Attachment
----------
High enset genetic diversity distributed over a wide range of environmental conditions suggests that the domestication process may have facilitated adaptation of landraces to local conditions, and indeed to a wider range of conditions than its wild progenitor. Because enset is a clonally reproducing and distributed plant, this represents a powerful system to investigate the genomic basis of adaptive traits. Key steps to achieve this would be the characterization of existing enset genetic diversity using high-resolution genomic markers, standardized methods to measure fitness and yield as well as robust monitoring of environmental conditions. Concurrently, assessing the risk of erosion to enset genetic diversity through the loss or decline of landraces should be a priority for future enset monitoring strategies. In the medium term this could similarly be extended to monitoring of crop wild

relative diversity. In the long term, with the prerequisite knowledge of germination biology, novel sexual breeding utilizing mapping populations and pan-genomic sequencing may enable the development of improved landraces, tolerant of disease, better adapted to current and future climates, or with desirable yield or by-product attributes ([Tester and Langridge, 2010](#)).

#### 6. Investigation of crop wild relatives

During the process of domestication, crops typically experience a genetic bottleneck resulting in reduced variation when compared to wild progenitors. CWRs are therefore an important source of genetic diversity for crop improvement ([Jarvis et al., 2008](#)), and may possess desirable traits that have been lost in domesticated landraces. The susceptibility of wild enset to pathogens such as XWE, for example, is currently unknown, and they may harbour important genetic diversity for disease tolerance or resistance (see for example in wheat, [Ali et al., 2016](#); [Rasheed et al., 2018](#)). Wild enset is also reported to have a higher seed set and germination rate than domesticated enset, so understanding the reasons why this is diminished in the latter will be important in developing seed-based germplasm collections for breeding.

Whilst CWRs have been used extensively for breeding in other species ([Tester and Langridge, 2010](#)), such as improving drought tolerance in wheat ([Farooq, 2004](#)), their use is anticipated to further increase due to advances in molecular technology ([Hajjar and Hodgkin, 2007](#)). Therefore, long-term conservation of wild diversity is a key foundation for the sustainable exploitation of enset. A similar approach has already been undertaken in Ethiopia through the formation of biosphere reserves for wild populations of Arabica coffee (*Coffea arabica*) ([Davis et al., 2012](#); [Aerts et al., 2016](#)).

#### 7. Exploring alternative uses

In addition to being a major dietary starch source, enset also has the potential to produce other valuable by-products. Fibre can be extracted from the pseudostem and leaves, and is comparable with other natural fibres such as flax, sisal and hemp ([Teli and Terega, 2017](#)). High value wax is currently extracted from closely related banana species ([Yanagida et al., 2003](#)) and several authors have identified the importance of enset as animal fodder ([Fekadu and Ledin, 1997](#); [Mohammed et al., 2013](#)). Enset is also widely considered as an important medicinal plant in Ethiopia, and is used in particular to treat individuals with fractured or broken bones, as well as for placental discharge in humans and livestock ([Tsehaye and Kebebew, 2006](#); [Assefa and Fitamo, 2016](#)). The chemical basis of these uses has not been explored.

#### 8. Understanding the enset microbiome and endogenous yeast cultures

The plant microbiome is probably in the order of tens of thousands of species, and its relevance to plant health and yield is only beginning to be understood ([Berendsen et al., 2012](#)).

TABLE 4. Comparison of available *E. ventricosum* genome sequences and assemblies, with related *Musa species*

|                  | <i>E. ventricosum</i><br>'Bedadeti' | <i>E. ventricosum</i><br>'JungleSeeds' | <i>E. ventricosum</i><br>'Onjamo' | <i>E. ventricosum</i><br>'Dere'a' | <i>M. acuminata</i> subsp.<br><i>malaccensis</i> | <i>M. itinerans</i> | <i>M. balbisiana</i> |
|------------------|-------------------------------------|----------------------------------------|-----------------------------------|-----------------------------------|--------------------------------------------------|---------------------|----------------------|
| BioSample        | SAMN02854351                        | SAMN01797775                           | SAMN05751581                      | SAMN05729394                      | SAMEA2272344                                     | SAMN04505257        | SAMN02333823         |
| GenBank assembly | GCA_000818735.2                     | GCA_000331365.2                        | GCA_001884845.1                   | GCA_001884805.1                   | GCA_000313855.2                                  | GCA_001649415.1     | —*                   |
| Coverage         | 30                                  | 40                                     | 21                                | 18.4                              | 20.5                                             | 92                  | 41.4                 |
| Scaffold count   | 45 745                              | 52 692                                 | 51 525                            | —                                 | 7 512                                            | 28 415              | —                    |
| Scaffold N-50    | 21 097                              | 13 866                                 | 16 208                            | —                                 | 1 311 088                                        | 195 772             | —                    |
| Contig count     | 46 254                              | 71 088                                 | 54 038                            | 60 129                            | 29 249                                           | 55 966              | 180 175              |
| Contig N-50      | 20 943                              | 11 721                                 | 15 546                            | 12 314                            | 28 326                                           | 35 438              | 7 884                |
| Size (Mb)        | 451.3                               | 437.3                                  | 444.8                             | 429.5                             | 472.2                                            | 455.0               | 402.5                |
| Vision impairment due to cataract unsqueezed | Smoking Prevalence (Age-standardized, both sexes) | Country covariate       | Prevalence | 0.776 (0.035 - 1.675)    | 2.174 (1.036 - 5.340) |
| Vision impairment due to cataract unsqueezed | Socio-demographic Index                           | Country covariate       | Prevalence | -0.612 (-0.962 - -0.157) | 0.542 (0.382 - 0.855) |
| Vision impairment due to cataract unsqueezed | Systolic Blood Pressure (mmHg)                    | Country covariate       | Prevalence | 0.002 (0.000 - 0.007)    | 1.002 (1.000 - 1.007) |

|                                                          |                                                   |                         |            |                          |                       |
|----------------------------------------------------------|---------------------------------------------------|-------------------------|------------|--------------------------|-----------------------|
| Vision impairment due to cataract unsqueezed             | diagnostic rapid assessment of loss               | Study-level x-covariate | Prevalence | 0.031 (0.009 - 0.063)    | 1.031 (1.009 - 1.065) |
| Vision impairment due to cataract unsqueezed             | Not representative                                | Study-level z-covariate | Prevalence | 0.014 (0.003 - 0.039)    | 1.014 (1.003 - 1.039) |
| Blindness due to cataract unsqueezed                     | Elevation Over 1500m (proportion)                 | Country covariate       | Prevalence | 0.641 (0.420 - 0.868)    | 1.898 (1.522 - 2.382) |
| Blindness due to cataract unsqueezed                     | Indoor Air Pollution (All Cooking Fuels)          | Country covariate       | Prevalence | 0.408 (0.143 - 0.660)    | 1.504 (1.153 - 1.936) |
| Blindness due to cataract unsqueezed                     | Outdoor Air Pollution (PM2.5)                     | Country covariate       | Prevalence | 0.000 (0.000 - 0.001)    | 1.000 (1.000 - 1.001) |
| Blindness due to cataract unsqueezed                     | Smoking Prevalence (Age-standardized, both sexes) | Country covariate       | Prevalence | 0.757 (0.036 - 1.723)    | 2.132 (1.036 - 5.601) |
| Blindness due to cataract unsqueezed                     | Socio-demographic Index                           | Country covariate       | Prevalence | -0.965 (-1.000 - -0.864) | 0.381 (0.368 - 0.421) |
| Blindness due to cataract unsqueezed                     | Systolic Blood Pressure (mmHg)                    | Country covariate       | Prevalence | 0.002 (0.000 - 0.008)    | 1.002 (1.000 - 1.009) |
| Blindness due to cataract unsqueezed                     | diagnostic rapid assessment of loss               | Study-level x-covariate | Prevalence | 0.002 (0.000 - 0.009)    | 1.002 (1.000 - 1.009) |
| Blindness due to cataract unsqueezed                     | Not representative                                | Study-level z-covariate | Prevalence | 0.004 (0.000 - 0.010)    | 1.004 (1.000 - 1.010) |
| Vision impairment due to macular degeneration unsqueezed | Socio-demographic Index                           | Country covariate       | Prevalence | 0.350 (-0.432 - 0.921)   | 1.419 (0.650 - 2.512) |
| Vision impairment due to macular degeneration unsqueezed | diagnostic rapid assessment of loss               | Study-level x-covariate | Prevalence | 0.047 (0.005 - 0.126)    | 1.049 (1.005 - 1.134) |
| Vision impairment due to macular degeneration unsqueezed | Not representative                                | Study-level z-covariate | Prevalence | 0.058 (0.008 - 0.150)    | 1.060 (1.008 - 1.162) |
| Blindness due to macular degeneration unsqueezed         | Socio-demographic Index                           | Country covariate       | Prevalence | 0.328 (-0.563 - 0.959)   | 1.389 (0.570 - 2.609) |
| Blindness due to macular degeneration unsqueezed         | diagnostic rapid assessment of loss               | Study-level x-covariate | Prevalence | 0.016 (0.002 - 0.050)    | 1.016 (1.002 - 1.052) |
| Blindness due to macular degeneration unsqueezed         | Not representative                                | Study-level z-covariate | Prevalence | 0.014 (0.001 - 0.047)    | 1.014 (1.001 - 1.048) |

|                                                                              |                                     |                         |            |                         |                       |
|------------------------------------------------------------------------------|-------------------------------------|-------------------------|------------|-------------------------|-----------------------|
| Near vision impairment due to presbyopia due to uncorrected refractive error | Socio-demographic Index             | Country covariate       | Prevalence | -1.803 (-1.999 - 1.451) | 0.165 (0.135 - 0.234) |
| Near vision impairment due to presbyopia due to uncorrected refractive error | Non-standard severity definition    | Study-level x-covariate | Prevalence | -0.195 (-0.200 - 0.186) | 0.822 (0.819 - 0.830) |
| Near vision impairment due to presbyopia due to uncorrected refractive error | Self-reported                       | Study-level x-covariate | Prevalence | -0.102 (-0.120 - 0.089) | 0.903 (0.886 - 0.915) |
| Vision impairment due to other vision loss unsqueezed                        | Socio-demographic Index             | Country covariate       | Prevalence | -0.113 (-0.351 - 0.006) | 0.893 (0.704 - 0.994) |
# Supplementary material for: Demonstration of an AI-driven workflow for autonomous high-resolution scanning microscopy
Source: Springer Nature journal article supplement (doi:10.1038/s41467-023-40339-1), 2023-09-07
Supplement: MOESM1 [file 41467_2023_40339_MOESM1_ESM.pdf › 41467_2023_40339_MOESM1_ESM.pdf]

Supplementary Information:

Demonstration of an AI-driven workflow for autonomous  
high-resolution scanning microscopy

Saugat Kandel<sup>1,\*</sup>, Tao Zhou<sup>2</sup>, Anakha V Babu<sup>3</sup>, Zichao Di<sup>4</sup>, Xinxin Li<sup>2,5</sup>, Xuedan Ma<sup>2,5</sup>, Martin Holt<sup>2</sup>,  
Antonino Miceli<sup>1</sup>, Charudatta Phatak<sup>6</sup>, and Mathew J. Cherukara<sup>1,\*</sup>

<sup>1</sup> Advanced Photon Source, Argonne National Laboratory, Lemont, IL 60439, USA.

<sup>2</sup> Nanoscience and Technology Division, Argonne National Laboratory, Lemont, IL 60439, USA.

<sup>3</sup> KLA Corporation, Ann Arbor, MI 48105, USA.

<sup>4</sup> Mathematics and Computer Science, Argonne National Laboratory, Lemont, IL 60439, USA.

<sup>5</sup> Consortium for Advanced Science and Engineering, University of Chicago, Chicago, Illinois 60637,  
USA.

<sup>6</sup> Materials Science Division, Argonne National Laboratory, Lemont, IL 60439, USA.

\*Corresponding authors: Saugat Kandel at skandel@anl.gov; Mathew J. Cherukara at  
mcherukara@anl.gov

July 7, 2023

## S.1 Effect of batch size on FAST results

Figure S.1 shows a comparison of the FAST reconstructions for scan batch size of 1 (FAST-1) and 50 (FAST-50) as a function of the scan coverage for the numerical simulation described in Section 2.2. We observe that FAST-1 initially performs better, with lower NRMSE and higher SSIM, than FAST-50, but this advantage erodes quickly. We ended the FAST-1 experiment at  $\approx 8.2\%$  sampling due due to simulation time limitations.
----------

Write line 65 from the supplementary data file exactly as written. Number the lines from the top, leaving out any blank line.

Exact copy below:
July 7, 2023